Maya Merriweather, who is a program coordinator with the Black AIDS Institute’s mobilization team, is channeling a lifelong desire to help others by actively engaging in the fight against the spread of HIV among communities of color. At age 26, she has joined the next generation of HIV/AIDS activists and organizers focused on ending the epidemic.
As a child, Merriweather dreamed of being a doctor, but she developed a passion for playing the flute at age 10, eventually going on to earn a bachelor’s degree in music performance from DePaul University. After graduating, she freelanced with the Chicago Symphony Orchestra but became disenchanted because of a lack of diversity in the field. So she decided to re-engage her original passion—medicine—and entered the postbaccalaureate premedical program at the University of Southern California (USC).
“At USC there was a heavy emphasis on explaining the science and treatment, all of these cellular and microcellular aspects, and they used it as a huge learning tool,” Merriweather says of her education about HIV/AIDS within the program. “But they only ever talked about that dimension of it, and I knew there were a lot of systemic factors and barriers to care that were not being addressed at my school, and that this was providing doctors with only a fraction of the knowledge they needed to be effective HIV clinicians.”
While she was digesting the premed studies, she noticed that a lot of voices and concerns from marginalized populations in the neighborhoods around USC were not being heard. “Because of what I was seeing in the community, I felt called to reach that population. I wanted to reach Black people on the populational level, to see populational change versus a clinical setting,” Merriweather says.
She finished the program at USC knowing that it was unlikely she would attend medical school. Her interests had now changed to a different kind of healing, and she was inspired to bring her HIV/AIDS clinical training to communities that really needed it.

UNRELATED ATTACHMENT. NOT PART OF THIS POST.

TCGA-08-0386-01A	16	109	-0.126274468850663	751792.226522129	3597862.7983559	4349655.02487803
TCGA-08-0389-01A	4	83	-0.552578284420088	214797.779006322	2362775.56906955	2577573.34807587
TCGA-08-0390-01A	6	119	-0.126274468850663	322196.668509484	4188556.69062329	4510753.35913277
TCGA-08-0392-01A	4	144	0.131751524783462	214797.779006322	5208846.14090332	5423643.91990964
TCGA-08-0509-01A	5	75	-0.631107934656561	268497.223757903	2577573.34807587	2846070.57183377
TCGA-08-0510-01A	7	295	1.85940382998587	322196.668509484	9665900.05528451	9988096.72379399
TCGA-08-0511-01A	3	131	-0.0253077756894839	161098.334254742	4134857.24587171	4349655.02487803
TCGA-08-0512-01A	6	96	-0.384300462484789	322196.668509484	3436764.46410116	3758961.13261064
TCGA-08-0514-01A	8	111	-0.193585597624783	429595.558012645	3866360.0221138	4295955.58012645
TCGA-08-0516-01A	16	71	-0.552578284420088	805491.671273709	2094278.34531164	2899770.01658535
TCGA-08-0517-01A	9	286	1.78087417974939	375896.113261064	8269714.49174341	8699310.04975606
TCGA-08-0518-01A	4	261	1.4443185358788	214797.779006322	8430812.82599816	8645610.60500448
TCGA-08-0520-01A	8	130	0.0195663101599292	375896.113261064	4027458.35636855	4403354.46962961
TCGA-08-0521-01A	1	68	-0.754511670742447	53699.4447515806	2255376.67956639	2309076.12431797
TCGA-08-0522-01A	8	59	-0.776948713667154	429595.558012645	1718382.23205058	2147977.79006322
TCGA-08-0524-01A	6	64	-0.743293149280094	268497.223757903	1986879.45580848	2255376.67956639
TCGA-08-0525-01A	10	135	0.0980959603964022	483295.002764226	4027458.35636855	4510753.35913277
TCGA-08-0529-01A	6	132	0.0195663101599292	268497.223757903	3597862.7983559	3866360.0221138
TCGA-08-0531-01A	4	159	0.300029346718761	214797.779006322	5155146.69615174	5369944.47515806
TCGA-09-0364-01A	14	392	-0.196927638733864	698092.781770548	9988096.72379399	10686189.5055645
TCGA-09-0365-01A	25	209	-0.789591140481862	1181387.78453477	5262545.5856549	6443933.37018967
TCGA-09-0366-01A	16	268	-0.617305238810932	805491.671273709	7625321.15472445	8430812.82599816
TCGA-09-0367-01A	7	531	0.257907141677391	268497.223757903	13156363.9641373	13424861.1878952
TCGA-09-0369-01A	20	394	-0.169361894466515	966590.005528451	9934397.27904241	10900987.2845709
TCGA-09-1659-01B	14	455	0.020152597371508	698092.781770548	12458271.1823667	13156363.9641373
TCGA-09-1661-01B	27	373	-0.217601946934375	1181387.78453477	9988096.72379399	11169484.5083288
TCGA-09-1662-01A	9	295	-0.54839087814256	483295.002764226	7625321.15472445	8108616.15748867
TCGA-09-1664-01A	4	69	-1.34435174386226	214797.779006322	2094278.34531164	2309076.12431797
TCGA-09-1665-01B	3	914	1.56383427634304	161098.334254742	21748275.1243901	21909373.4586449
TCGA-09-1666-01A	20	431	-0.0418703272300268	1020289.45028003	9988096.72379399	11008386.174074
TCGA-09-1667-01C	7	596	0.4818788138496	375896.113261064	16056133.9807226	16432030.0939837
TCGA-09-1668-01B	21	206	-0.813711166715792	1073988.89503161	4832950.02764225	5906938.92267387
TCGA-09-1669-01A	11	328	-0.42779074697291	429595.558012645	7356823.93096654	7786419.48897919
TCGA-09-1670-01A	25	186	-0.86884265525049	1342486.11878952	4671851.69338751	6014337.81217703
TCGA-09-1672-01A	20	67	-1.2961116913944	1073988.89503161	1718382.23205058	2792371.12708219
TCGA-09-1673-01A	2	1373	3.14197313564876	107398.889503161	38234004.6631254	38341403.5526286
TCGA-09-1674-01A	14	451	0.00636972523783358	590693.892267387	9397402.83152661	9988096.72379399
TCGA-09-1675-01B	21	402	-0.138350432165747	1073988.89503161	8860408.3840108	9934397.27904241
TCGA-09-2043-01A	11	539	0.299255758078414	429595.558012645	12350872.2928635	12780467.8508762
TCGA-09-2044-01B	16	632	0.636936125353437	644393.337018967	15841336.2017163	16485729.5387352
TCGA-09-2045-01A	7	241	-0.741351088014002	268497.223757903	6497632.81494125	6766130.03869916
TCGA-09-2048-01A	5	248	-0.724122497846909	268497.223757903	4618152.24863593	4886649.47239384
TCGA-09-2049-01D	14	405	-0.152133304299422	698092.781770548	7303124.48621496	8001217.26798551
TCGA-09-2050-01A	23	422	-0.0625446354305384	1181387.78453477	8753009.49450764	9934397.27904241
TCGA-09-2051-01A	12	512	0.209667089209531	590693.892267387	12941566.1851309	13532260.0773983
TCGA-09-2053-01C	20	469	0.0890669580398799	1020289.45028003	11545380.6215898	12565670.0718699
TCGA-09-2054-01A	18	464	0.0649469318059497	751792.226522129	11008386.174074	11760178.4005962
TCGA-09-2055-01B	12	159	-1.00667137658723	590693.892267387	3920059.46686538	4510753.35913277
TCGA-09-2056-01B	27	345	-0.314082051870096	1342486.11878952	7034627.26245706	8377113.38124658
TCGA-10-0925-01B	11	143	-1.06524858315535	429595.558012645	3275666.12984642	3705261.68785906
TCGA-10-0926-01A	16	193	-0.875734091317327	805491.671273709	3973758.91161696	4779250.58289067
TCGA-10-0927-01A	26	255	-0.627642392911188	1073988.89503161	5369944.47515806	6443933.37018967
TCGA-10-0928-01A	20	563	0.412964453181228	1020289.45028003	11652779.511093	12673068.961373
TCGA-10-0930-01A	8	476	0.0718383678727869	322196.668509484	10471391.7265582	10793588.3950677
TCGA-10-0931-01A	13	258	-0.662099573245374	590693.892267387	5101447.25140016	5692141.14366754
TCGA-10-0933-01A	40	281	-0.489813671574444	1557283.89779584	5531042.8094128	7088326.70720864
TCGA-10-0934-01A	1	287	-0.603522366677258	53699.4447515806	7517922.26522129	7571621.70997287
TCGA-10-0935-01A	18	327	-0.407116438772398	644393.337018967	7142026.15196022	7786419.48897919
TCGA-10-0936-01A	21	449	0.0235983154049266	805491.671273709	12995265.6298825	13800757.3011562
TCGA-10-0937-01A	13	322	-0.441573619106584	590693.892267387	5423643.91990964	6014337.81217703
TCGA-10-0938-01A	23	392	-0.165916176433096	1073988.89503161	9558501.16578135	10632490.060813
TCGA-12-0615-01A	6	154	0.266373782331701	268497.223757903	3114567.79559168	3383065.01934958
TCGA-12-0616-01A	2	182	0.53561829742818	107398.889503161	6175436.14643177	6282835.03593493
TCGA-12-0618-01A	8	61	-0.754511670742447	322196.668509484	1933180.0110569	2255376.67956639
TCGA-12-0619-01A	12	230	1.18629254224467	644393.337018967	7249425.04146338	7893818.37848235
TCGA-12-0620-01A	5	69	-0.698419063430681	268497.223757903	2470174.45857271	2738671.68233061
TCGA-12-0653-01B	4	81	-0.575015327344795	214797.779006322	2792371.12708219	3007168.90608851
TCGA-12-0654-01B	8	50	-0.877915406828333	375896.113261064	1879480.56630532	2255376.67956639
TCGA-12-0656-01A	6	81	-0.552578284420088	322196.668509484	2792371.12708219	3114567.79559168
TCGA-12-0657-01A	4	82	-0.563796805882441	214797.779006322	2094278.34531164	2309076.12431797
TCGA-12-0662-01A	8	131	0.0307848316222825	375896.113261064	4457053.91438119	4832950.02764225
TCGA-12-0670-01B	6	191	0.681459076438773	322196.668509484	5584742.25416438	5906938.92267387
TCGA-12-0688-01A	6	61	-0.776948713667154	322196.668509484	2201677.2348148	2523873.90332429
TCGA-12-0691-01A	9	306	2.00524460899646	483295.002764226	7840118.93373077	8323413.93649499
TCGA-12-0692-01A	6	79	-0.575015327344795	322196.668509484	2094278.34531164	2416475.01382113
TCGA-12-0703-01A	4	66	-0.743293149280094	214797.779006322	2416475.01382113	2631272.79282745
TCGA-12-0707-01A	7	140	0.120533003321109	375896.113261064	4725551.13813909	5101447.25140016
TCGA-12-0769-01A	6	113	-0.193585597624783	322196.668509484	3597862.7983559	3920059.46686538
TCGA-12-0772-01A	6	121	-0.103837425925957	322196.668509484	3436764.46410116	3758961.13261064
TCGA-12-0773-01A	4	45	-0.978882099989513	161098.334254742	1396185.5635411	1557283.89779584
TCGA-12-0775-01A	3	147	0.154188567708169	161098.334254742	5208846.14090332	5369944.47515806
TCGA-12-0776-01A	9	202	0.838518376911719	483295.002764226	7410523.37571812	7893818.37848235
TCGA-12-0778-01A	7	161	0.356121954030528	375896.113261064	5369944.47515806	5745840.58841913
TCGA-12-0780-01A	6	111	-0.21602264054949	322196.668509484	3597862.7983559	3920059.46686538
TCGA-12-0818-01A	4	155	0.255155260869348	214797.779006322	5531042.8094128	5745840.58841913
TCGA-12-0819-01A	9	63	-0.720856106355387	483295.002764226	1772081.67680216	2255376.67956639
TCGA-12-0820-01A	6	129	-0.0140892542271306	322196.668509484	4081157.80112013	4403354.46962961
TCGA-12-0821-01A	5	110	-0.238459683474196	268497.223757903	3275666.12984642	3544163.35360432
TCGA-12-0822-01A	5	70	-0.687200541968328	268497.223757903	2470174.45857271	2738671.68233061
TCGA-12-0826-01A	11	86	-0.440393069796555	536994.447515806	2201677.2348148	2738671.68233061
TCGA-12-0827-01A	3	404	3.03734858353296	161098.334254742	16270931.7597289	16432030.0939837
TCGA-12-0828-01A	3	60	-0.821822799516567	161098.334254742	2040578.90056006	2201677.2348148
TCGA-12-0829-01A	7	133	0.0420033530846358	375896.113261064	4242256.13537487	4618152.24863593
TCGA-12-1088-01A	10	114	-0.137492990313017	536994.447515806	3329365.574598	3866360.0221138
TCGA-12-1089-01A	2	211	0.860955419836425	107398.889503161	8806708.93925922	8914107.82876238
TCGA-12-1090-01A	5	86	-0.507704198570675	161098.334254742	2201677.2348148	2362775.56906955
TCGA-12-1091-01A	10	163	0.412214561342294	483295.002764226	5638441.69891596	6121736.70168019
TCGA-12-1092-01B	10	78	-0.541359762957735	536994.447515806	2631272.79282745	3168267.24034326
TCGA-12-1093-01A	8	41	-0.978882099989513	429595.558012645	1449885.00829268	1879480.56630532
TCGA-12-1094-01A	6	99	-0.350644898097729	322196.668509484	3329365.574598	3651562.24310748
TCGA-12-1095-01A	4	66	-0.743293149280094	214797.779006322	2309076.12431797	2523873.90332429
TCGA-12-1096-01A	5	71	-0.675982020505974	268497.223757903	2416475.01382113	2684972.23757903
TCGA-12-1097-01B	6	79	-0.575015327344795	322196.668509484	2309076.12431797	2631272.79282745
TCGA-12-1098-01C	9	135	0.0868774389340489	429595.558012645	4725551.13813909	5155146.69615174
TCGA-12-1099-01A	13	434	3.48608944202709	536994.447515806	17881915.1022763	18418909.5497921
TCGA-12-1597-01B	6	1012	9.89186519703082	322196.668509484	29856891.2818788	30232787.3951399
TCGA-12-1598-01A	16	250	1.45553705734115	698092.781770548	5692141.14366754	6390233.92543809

During this time, Merriweather became aware of the Black AIDS Institute, which is located close to the university. Through word of mouth and her own research, she noticed that BAI’s programs aligned well with her new career path. It would take her two years to become a program coordinator there.
The first big project Merriweather helped work on is the Black Women and PrEP Toolkit, a resource and reference guide for Black women written through the cultural lens of Black women, which was launched on March 10, National Women and Girls HIV/AIDS Awareness Day. The toolkit answers the who, what, why, when and where questions about pre-exposure prophylaxis (PrEP). “We’re focusing particularly on Black women and passing knowledge along to them, because often they’re erased from the conversation,” Merriweather says.
Merriweather is glad to be aboard as the Institute gears up for the next generation of HIV/AIDS capacity building, advocacy, mobilization and service delivery.
“Phill Wilson’s retirement is bittersweet, but I think it’s exciting, too,” she says. “We have a lot of young and really eager, motivated people here, so I hope to be a part of that and continue Phill’s legacy.”
Along the way, Merriweather is enjoying learning everything she can while working with the community and creating policies to help end the AIDS epidemic. “I want to learn to galvanize my voice in places I want to be heard, and promote full health in Black communities the best I can,” she says.
April Eugene is a Philadelphia-based writer.